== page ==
Sara: I love that you focus on it not really being a movie about violence, but more about family. I think I mentioned to you that, over the last, since the pandemic, I’ve been working my way through The Sopranos for the first time, and the same thing strikes me with that. I mean, there are certainly those brutal moments that are eye-averting and pretty awful to watch. But at the end, I think what I find so compelling about it is there’s this person who appears to be in control of everything, but who is also super vulnerable and the tiniest slights really hurt him so deeply. Ultimately, I think both of the shows are really human stories more than anything.
Neil: You have the Godfather, Vito Corleone, and you have Michael, you have Sonny and you have Fredo. You have four godfather men. Plus, you have Tom, who’s sort of an adopted son. Just seeing the differences in the Godfather himself versus Fredo and Michael and Sonny, they’re very different people, yet they’re all in the same family, and the hopes and aspirations that the family had for each of them was very different. It’s very interesting. I know we’re only watching The Godfather coming up here, but The Godfather II is really an outstanding film. The background on how The Godfather got to where he is really completes the family story a lot, and I would recommend that highly.
Let me comment also on the score. I recently re-watched it, and I’ve watched this film many times. I’ve probably seen it 50 times, so quite a few times.
Sara: No kidding? 50 times?!?
Neil: Well, I’m guessing. Let’s say it’s 30, but it’s definitely more than 20.
Sara: That’s amazing.
Neil: Well, I tend to study films, so then, once I’ve watched it, if I think it’s good, I’ll watch it again. I recently watched it, and there’s actually a lot of parts to this film where it’s silent in the background. I had never thought about that before because, a lot of films, it’s playing the whole time. This one, there’s a lot of parts where the orchestra will just be sitting there. I think it’ll be very interesting to experience that feeling of the orchestra coming in after long pauses and understanding where in the film they chose to do that.
Sara: That’s so interesting that you say that because I think I mentioned to you that I did my Godfather immersion last week and watched all three films over five days. I think you’re right about the silence of the orchestra, and I think, particularly in the live orchestra experience, it becomes so much more potent about how important the music is to the film when you have the immediacy right there. It doesn’t fade into the background, and the silent moments are all the more powerful.
Neil: The score itself was written by Nino Rota. It has great beauty and it’s very provocative. It elicits a lot of emotion. I think that it will be thrilling for the audience to hear that score and, at critical moments, match that to what’s going on. Nino Rota was the composer that did almost all of Federico Fellini’s films. I’m a big Federico Fellini fan, and seeing, hearing Nino Rota as part of, I don’t know, 10 or a dozen Fellini films like La Strada or 8½, those are great, great films that are driven by the scores. Linking Nino Rota to Francis Coppola, this is pretty exciting.
[Learn more on our blog: Why Nino Rota’s Score for ‘The Godfather’ is So Memorable]
The other thing is that the 50th anniversary of this film just came by a year or so ago, so this should be a new print that is very high quality. Most people who have seen The Godfather have never seen a clean print. From what I understand, it will be much brighter in the backgrounds compared to what most people have seen so they’ll be able to see pieces of it that they’ve not actually seen before.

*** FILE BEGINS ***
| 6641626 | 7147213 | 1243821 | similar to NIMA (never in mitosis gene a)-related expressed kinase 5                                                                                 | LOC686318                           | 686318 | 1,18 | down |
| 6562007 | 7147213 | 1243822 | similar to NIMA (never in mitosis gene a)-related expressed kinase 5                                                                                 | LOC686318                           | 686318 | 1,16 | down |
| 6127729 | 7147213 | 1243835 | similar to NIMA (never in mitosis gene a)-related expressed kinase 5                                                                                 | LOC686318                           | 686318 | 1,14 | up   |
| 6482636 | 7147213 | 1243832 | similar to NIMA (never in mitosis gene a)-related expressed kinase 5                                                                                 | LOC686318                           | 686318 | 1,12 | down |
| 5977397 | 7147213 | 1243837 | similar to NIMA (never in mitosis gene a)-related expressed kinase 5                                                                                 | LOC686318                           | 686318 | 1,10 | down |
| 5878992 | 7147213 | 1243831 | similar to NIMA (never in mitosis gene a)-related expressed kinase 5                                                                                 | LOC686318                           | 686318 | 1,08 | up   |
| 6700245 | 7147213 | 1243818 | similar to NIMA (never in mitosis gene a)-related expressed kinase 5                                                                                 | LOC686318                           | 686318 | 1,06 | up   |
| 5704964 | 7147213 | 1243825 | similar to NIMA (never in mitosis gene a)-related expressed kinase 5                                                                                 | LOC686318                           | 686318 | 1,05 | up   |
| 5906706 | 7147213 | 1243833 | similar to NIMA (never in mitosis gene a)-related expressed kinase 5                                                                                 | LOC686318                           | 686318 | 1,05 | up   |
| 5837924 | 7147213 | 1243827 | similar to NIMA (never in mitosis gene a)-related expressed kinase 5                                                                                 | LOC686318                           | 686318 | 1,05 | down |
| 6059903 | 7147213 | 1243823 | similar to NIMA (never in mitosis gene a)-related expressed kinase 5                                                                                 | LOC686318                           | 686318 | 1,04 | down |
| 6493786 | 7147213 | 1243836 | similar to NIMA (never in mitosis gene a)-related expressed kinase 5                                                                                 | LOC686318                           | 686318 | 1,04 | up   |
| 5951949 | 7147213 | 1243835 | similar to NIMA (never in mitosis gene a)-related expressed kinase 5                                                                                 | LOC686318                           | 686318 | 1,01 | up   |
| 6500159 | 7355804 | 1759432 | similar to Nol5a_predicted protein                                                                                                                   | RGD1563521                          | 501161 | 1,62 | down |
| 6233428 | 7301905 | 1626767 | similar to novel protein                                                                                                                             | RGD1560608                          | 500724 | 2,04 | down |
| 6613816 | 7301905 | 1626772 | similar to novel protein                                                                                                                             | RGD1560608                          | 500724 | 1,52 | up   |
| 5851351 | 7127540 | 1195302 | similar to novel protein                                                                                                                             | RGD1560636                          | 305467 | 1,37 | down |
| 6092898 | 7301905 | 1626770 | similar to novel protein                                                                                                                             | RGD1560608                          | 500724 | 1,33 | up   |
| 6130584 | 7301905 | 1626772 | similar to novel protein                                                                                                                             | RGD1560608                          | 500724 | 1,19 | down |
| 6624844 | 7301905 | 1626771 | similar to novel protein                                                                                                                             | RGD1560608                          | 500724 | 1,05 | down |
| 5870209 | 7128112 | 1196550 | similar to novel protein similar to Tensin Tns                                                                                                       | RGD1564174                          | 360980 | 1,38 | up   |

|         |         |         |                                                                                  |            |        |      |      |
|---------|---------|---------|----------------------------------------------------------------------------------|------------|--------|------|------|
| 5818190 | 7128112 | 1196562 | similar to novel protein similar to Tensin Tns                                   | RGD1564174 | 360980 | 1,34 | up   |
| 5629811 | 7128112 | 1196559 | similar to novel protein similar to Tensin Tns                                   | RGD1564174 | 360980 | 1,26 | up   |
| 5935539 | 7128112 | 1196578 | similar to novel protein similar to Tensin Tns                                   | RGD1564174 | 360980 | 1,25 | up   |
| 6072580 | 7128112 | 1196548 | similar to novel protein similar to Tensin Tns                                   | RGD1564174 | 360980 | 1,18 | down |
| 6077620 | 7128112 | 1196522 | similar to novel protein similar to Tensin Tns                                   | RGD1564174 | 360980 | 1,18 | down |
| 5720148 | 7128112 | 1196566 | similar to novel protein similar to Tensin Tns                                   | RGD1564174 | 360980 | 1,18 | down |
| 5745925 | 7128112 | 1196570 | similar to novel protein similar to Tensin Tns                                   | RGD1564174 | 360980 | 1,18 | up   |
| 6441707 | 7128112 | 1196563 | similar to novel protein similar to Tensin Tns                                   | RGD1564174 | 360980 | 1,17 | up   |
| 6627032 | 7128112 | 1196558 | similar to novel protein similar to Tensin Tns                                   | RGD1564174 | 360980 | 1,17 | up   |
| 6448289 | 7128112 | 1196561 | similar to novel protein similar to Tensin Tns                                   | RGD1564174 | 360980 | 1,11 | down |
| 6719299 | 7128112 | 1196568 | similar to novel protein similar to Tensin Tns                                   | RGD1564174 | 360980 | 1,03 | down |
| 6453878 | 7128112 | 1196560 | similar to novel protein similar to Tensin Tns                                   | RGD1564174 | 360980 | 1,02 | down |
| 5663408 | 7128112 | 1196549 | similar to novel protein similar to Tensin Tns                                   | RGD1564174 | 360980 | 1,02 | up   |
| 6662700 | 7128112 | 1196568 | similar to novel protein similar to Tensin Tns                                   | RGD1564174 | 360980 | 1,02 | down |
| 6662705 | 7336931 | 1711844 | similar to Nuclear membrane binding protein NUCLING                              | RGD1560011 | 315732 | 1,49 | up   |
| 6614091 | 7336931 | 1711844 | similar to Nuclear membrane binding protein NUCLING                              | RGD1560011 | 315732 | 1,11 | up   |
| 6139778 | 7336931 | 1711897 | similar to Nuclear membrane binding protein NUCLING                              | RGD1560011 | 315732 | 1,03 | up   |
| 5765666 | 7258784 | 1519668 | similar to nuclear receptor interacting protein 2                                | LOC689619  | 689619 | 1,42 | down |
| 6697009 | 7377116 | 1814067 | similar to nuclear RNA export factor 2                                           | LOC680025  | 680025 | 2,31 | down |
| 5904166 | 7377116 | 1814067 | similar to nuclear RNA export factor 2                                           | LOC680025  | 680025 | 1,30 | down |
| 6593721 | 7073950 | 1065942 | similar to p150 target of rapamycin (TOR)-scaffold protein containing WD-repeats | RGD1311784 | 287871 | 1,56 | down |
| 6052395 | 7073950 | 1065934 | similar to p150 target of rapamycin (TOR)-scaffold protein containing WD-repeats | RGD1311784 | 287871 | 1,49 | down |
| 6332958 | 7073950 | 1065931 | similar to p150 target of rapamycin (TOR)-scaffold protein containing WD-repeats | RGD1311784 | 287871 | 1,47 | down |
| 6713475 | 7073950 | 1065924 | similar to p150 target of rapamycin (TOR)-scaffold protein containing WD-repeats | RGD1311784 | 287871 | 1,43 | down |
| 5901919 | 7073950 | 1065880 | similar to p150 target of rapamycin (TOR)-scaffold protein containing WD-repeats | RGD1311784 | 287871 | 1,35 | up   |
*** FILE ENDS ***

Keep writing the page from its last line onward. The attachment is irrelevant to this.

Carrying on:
Sara: This has been such a fun conversation, and I so appreciate your taking the time to chat about the film. Is there anything else you’d like to add?
Neil: One other thing, you may or may not know this, but on Paramount+ Streaming, there’s a fantastic show called The Offer, which was based upon a book written by the producer of the film, and it’s the backstory on how The Godfather was made. It’s fascinating. How did Marlon Brando get in the film? How did Al Pacino get in the film? The studio did not want Pacino because he was a unknown stage actor in New York. They wanted other people to play that role. There’s just a lot in there, and most of it is accurate. It’s a narrative, fictionalized account, but from what I understand about The Godfather, it’s actually pretty accurate.
The man who produced it, he was actually a Rand Corporation security analyst who was a genius, who was bored and decided to get into movies. This was only his second film. He also had to deal with the Mafia itself, because the Mafia was concerned about this movie coming out. The book had already upset them, but then, having a movie about it, that was potentially a problem. He had to negotiate with the organized crime families of that time to get their agreement to allow it to be made. One of the things they insisted upon is they did not want the word Mafia used, and so, actually, in the first film, I don’t think there’s any reference to Mafia. It was due to their sensitivities, but they were pleased at the final result. It required this newcomer producer to manage the studio, manage the Mafia, work with Marlon Brando and all these folks. You would enjoy it. You ought to watch it.
Sara: Ok, I have to ask one last question, which is: what is your favorite scene, favorite lines from the movie?
Neil: Well, The Godfather is full of famous lines, so I don’t really necessarily have a favorite. I think my favorite scene is when his dad has been shot and he’s in the hospital and he goes to see his dad, and all his policemen and protectors are gone, and he’s moving him around within the hospital to protect him, and then Enzo the baker comes. I don’t know if you remember this. Enzo the baker comes and helps, and he’s shaking when he’s trying to light a cigarette. That’s my favorite scene. Enzo the baker. He’s in that first scene where the Godfather’s granting audiences and giving out favors. He is one of the people that gets a favor. He’s not asking for it, but he gets the favor. I will stop what I’m doing and watch that scene every time.